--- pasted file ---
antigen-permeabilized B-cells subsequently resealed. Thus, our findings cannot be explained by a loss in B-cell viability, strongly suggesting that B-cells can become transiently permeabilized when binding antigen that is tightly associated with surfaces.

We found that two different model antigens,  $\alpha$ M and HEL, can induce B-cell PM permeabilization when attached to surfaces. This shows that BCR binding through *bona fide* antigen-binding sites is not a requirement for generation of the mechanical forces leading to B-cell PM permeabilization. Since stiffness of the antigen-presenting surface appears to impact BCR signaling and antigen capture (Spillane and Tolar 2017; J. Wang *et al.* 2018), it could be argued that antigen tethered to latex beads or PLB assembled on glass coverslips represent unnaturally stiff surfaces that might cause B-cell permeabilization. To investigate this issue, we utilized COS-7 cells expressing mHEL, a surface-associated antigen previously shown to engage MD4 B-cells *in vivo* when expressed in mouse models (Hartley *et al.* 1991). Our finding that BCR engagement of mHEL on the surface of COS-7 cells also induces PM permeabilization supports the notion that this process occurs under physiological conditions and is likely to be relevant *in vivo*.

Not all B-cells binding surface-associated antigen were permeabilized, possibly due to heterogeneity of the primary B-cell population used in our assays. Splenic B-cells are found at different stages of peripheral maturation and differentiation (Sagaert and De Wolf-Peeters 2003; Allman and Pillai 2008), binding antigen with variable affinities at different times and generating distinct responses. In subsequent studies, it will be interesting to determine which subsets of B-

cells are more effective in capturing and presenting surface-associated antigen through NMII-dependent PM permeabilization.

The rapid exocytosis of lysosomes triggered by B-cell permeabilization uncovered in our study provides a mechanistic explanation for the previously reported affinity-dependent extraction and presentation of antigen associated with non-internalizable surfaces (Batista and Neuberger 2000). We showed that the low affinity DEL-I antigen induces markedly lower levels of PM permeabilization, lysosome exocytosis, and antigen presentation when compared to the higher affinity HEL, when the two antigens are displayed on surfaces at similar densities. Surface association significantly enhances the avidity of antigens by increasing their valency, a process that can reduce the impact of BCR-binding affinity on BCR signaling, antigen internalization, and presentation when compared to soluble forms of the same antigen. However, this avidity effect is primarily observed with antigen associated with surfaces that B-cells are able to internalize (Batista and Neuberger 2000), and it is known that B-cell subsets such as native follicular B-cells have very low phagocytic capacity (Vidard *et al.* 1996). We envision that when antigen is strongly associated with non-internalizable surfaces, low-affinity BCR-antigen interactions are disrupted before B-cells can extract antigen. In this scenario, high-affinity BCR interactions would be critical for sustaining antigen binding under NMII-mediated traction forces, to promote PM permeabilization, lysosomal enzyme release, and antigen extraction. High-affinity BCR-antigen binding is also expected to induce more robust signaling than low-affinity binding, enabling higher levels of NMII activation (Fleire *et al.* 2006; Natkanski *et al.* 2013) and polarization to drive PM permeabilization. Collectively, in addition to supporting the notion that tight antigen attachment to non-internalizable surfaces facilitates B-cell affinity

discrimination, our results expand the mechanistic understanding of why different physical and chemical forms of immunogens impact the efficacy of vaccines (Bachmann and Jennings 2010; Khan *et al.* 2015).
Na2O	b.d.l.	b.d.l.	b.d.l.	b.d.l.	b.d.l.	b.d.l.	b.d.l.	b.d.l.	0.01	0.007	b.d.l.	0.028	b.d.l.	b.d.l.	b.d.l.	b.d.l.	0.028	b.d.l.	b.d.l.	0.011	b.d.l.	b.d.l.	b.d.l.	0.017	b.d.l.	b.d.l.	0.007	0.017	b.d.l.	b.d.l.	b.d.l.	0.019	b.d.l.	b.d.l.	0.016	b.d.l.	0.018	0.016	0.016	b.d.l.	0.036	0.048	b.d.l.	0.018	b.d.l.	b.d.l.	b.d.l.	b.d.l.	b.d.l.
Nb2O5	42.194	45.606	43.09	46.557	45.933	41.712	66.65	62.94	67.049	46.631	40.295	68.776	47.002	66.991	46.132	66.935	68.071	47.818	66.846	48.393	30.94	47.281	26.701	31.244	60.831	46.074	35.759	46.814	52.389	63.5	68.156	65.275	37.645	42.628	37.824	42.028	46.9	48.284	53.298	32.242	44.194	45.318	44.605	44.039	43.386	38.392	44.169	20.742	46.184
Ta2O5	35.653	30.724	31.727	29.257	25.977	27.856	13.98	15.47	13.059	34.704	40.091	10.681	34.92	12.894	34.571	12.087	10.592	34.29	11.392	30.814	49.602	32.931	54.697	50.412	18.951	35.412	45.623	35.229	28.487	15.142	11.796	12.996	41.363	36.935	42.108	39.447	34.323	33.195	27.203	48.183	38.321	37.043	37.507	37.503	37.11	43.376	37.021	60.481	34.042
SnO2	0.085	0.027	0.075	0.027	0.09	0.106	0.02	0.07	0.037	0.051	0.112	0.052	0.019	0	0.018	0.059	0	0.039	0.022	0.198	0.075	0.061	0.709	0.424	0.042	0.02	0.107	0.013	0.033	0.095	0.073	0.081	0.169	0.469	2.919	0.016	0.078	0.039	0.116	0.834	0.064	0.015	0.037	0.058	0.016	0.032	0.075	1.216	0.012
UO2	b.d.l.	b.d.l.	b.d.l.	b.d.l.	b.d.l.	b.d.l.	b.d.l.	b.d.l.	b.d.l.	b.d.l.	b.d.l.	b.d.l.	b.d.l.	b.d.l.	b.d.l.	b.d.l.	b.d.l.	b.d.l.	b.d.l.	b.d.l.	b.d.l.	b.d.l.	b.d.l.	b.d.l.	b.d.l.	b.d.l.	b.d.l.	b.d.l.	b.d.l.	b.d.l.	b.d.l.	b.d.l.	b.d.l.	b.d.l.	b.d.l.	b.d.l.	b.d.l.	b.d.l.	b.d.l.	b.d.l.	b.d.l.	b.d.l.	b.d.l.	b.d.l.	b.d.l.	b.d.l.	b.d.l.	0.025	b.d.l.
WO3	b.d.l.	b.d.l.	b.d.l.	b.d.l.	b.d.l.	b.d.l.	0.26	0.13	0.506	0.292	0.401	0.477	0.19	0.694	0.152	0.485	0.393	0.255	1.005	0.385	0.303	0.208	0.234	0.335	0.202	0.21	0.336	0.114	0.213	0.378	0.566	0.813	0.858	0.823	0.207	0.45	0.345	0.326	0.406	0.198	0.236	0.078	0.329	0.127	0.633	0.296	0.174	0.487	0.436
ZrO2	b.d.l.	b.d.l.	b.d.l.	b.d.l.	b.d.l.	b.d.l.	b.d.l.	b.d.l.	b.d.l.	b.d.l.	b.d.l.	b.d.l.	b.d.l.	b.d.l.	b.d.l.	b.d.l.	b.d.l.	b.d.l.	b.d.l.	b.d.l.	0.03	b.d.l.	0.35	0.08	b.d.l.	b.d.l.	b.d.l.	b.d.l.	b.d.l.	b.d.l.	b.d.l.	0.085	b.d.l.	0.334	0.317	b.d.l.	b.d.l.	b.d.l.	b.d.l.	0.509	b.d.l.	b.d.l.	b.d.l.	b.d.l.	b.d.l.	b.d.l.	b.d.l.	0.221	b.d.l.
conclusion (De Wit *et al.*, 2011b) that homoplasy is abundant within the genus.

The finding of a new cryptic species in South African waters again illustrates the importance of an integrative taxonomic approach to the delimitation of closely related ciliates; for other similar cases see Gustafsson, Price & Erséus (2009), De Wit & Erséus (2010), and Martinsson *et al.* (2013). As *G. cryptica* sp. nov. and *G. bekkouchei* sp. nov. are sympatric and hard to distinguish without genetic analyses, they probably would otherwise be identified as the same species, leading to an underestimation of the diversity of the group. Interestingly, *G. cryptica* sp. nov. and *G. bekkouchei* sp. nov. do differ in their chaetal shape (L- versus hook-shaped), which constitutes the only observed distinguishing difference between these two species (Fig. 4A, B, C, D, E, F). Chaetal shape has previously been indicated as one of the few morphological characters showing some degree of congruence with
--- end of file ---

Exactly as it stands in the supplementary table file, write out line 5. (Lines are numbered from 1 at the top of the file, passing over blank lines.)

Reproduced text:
The rapid exocytosis of lysosomes triggered by B-cell permeabilization uncovered in our study provides a mechanistic explanation for the previously reported affinity-dependent extraction and presentation of antigen associated with non-internalizable surfaces (Batista and Neuberger 2000). We showed that the low affinity DEL-I antigen induces markedly lower levels of PM permeabilization, lysosome exocytosis, and antigen presentation when compared to the higher affinity HEL, when the two antigens are displayed on surfaces at similar densities. Surface association significantly enhances the avidity of antigens by increasing their valency, a process that can reduce the impact of BCR-binding affinity on BCR signaling, antigen internalization, and presentation when compared to soluble forms of the same antigen. However, this avidity effect is primarily observed with antigen associated with surfaces that B-cells are able to internalize (Batista and Neuberger 2000), and it is known that B-cell subsets such as native follicular B-cells have very low phagocytic capacity (Vidard *et al.* 1996). We envision that when antigen is strongly associated with non-internalizable surfaces, low-affinity BCR-antigen interactions are disrupted before B-cells can extract antigen. In this scenario, high-affinity BCR interactions would be critical for sustaining antigen binding under NMII-mediated traction forces, to promote PM permeabilization, lysosomal enzyme release, and antigen extraction. High-affinity BCR-antigen binding is also expected to induce more robust signaling than low-affinity binding, enabling higher levels of NMII activation (Fleire *et al.* 2006; Natkanski *et al.* 2013) and polarization to drive PM permeabilization. Collectively, in addition to supporting the notion that tight antigen attachment to non-internalizable surfaces facilitates B-cell affinity